Defendant, citing the declaration of Drew Sirico, Senior Director of Marketing at EA [Docket Item 5-2], and the related records of the text messages between Plaintiff and Defendant [Docket Item 5-3][3], notes that every text message Defendant sent to Plaintiff--after Plaintiff's initial consent--ended with the words, “Reply HELP for help. STOP to cancel.” [Docket Item 5-3 at 2.] It is undisputed that Plaintiff did not reply using the single word “STOP, ” but rather sent ten separate messages containing natural language stating her desire to stop receiving text messages instead (including, eventually, sentence-long messages containing the word “stop, ” in lowercase) on and between December 8, 2016 to January 12, 2017. Id.

         III. STANDARD OF REVIEW

         Pursuant to Rule 8(a)(2), Fed. R. Civ. P., a complaint need only contain “a short and plain statement of the claim showing that the pleader is entitled to relief.” Specific facts are not required, and “the statement need only ‘give the defendant fair notice of what the . . . claim is and the grounds upon which it rests.'” Erickson v. Pardus, 551 U.S. 89, 93 (2007) (citations omitted). While a complaint is not required to contain detailed factual allegations, the plaintiff must provide the “grounds” of his “entitle[ment] to relief”, which requires more than mere labels and conclusions. Bell Atlantic Corp. v. Twombly, 550 U.S. 544, 555 (2007).

         A motion to dismiss under Rule 12(b)(6), Fed. R. Civ. P., may be granted only if, accepting all well-pleaded allegations in the complaint as true and viewing them in the light most favorable to the plaintiff, a court concludes that the plaintiff failed to set forth fair notice of what the claim is and the grounds upon which it rests. Id. A complaint will survive a motion to dismiss if it contains sufficient factual matter to “state a claim to relief that is plausible on its face.” Ashcroft v. Iqbal, 556 U.S. 662, 663 (2009). Although a court must accept as true all factual allegations in a complaint, that tenet is “inapplicable to legal conclusions, ” and “[a] pleading that offers labels and conclusions or a formulaic recitation of the elements of a cause of action will not do.” Id. at 678.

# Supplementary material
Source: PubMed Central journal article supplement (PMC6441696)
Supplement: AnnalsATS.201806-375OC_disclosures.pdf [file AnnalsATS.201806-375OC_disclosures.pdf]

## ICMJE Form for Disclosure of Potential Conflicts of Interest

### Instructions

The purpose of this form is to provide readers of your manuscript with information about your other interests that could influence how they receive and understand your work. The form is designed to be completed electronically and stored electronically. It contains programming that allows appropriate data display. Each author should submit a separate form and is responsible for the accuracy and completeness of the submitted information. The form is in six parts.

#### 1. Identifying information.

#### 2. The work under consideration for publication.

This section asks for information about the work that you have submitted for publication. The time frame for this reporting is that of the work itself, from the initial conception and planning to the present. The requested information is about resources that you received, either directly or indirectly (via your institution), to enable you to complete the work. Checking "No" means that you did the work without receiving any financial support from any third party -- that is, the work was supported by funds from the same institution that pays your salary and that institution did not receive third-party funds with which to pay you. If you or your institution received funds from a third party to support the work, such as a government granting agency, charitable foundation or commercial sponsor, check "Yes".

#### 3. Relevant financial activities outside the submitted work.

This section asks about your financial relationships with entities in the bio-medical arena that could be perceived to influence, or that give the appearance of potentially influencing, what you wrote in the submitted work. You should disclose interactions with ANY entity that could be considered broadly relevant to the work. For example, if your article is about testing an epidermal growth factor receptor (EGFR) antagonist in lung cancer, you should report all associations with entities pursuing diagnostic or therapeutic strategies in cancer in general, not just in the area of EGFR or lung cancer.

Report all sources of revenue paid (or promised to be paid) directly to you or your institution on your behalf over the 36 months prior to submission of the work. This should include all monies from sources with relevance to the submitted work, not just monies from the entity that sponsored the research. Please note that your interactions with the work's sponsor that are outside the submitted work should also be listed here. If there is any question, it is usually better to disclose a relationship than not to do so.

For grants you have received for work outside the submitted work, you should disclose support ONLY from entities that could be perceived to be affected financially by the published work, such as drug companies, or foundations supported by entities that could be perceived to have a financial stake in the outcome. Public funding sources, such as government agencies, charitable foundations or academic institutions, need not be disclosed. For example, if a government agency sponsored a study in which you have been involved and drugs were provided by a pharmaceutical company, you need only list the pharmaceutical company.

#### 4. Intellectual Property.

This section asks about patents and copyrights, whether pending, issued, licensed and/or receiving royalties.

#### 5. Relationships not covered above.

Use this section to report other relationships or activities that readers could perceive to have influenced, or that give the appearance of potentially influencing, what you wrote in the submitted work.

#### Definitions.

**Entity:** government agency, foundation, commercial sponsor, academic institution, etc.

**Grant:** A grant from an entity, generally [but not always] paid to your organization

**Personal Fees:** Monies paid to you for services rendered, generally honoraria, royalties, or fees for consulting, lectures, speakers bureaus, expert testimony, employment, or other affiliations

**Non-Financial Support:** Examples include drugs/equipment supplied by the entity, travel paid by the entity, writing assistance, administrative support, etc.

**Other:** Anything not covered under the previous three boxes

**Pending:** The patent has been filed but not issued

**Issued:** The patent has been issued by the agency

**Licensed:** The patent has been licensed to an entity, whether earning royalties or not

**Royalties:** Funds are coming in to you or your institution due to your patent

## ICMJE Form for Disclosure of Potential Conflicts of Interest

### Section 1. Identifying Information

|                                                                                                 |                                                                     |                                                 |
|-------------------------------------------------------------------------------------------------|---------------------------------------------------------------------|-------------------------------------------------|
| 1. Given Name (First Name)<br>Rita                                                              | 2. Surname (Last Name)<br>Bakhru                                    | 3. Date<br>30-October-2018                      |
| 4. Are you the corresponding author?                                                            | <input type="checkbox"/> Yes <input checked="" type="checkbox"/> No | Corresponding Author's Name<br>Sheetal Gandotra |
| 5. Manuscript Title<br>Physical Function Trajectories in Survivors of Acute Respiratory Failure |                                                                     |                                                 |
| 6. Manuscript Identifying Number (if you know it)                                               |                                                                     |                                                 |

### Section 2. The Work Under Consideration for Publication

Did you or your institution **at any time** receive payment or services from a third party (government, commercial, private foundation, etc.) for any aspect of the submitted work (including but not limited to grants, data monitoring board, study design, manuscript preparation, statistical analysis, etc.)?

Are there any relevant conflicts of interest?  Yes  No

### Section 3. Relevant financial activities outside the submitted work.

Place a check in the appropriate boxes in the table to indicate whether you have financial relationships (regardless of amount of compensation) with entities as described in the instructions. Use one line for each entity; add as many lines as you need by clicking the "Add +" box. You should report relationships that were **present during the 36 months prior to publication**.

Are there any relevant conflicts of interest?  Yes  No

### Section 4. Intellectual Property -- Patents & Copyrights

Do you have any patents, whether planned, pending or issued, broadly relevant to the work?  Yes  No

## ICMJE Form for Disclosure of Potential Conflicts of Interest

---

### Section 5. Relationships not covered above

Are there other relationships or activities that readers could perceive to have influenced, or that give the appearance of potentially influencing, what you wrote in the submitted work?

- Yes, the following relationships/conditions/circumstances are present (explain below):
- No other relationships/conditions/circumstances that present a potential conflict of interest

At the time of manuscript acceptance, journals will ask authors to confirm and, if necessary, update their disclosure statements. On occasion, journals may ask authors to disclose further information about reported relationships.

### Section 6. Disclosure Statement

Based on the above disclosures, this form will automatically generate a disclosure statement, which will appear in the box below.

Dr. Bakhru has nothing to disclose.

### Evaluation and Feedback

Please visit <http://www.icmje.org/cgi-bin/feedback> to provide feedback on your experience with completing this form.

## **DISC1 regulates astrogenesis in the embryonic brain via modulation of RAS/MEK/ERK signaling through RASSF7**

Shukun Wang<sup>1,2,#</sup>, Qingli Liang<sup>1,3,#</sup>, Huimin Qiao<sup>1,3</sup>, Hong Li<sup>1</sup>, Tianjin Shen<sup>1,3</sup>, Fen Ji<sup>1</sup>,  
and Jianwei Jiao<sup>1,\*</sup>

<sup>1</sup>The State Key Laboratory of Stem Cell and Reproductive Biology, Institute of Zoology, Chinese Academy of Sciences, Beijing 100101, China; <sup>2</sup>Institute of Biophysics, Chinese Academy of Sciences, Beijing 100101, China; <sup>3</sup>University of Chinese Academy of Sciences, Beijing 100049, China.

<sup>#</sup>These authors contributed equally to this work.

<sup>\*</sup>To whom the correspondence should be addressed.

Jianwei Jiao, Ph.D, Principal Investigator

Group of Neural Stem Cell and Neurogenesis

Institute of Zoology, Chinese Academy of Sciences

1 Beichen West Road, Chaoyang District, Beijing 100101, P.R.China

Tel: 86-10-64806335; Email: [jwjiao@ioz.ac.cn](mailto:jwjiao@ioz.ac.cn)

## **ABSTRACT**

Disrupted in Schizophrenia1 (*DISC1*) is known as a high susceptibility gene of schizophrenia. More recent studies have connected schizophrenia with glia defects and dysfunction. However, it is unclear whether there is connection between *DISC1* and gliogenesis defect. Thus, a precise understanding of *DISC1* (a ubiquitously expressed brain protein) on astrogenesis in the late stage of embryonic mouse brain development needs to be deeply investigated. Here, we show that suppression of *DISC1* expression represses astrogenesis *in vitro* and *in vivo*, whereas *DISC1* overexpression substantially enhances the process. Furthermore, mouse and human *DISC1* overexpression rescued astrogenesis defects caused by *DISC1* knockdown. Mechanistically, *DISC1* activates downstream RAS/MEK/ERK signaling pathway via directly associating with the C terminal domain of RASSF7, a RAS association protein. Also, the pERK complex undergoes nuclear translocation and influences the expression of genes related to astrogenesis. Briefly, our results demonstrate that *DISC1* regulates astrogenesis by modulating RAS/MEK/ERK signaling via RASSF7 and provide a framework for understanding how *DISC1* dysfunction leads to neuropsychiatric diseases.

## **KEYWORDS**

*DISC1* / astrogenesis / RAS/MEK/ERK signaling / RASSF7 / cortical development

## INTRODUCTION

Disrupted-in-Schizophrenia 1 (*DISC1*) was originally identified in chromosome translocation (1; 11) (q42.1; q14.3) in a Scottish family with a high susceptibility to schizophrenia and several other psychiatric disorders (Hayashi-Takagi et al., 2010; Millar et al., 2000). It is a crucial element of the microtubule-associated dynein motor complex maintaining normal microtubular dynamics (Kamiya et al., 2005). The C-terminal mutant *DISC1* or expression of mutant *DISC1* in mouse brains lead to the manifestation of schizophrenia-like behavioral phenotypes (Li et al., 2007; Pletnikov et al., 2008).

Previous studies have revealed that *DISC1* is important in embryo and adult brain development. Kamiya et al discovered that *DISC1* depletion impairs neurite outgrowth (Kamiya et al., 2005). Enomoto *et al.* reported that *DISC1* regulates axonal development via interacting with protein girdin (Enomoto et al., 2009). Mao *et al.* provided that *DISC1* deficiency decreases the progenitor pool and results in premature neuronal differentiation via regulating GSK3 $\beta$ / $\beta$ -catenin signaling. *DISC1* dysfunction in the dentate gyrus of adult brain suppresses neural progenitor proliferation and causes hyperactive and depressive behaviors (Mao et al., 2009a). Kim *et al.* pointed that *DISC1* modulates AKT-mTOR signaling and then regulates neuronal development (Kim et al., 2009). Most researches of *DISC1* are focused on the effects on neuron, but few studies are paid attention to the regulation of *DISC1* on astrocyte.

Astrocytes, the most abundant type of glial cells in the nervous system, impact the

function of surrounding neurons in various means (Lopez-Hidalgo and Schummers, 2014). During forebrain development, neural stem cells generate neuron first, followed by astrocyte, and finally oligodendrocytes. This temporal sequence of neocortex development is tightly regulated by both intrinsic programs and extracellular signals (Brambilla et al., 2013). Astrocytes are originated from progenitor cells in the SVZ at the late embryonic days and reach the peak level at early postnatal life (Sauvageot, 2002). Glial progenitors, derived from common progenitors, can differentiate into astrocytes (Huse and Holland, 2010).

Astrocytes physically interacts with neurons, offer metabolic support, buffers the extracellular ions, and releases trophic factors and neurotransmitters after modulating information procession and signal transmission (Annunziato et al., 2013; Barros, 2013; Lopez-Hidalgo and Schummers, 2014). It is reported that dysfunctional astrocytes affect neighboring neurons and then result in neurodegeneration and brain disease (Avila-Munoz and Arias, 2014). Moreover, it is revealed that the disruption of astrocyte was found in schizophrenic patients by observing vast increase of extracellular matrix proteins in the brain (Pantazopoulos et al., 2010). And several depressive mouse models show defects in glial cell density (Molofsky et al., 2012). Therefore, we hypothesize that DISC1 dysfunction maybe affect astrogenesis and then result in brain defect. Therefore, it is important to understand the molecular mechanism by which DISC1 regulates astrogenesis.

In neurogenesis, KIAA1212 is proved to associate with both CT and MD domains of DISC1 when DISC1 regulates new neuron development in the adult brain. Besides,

IV. ANALYSIS

         Defendant moves to dismiss on a variety of grounds. First, Defendant claims that the Complaint fails to state a claim, either because Plaintiff does not plausibly allege that she revoked her consent to receive automated text messages [Docket Item 5-1 at 13-17], or because she failed to plausibly allege that Defendant used an ATDS. Id. at 17-19. Second, Defendant argues that Plaintiff lacks Article III standing. Id. at 10-13. Finally, Defendant argues that the class allegations should be stricken from the Complaint. Id. at 19-22.

         The Court turns to these arguments, beginning with Article III standing.

         A. Standing

         Defendant argues that Plaintiff lacks standing under Article III of the United States Constitution because she does not plead a sufficient injury in fact (having not suffered a “cognizable concrete harm”), thereby divesting ...